Cranborne or Wimborne? A Mystery Uncovered in Collaboration with Museums Sheffield. By Lawrence Hendra

January 1, 2020

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In conjunction with Museums Sheffield following their generous support when putting together our Divine People exhibition, research undertaken by Philip Mould & Company has established a mistaken identity behind one of Ambrose McEvoy's most exciting and unusual compositions. 

For many years this portrait was thought to depict Lady Elizabeth Gascoyne-Cecil, Viscountess Cranborne; however, recent research undertaken in preparation for this exhibition has confirmed the sitter is, in fact, Lady Alice Guest, Viscountess Wimborne, a well-known socialite of the era.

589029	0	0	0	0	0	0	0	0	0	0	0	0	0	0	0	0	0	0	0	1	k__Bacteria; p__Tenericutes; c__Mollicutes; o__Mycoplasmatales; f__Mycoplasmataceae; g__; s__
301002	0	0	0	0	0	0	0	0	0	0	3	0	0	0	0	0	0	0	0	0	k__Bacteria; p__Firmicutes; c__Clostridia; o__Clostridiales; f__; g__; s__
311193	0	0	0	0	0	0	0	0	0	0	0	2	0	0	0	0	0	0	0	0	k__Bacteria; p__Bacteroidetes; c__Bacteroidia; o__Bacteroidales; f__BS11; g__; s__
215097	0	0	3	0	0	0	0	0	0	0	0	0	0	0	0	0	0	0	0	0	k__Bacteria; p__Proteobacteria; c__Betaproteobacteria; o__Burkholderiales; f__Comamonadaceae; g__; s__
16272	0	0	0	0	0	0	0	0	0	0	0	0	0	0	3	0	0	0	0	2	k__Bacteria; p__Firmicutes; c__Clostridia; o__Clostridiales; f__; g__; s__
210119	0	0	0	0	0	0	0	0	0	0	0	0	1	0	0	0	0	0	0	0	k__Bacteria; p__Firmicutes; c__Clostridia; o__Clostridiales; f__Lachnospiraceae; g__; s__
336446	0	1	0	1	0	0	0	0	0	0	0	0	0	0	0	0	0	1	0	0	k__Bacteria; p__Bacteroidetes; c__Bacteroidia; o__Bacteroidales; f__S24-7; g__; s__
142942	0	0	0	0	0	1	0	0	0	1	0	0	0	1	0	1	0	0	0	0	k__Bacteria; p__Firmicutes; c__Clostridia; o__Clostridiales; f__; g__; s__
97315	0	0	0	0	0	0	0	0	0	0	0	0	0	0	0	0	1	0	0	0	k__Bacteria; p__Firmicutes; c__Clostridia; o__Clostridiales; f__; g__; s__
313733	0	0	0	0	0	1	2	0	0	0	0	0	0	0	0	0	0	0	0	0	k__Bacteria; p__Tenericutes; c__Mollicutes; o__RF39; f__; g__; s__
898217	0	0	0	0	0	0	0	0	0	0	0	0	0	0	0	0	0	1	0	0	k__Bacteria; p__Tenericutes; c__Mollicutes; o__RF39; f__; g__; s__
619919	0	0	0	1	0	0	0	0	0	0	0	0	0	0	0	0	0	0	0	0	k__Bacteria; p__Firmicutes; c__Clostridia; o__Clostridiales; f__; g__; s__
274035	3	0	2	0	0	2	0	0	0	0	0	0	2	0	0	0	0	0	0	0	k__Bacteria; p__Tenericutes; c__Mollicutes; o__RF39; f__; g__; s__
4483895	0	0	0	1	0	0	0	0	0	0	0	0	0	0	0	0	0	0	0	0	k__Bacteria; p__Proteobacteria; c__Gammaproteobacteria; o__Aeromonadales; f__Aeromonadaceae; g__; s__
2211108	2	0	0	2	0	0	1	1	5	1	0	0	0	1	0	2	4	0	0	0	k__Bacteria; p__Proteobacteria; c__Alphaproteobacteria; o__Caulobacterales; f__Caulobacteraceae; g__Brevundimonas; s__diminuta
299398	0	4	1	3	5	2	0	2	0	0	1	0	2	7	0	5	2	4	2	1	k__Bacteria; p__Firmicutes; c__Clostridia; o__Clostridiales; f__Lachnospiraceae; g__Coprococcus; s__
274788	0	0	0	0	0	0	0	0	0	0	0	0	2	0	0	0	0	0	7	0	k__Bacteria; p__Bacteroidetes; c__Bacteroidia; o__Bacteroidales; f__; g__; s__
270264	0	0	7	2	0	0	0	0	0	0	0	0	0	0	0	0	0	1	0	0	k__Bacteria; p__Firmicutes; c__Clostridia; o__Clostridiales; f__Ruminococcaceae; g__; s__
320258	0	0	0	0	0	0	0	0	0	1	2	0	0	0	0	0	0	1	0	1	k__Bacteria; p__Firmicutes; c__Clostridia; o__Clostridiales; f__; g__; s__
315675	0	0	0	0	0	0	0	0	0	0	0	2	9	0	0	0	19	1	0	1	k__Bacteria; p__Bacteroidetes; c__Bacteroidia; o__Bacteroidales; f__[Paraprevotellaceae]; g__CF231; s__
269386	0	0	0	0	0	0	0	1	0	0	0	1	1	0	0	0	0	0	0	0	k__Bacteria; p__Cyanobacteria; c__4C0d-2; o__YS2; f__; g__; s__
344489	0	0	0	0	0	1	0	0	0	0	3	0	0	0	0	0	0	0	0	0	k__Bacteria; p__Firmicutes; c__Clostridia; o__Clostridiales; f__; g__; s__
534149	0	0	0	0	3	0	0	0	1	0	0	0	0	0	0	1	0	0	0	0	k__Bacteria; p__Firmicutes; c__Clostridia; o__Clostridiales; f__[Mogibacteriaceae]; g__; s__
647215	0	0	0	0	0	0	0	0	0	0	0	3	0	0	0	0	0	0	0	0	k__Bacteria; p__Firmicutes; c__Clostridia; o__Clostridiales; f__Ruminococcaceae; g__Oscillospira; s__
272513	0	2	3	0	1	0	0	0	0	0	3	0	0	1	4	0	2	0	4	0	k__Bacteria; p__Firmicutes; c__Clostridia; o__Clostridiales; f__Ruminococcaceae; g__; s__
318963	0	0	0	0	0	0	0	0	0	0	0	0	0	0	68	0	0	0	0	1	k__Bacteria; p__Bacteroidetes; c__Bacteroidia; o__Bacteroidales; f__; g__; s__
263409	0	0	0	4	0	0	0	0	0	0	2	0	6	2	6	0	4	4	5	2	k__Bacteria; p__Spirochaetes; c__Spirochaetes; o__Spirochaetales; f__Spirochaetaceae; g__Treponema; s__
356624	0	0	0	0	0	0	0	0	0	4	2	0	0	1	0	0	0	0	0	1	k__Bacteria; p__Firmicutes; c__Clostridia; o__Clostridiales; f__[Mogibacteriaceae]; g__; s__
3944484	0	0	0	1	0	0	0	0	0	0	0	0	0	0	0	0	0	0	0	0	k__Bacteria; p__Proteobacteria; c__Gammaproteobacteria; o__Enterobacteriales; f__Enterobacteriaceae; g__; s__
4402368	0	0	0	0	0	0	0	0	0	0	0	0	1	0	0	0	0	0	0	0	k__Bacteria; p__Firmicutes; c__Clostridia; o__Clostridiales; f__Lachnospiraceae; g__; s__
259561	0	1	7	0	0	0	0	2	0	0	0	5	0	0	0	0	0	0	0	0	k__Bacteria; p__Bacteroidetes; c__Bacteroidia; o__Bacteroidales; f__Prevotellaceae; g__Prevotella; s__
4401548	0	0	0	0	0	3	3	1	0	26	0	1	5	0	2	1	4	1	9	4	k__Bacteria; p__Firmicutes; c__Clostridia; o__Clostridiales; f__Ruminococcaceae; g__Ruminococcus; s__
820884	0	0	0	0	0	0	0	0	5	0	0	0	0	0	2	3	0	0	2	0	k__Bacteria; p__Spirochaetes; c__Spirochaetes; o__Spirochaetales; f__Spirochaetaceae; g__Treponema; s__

McEvoy had painted Wimborne earlier, in 1917, and the commission was certainly one of his less straightforward ones. His sitter was the wife of Ivor Churchill Guest, 1st Viscount Wimborne who was Lord Lieutenant of Ireland during the penultimate phase of English rule. They lived in Dublin and divided their time between apartments in Dublin Castle and Viceregal Lodge (now Áras an Uachtaráin, the official residence of the president of Ireland). Their lifestyle was famously excessive, and they would often stage extravagant balls and dinners as if entertaining at court, earning them the nickname ‘Their Majesties’, with Lady Wimborne being dubbed ‘Queen Alice’.

She sat to McEvoy for her first portrait in London and was portrayed wearing Grecian-inspired draperies with a curtain behind and landscape background beyond (this first portrait is now only known through a poor colour photograph. 

 

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500 Years of British Art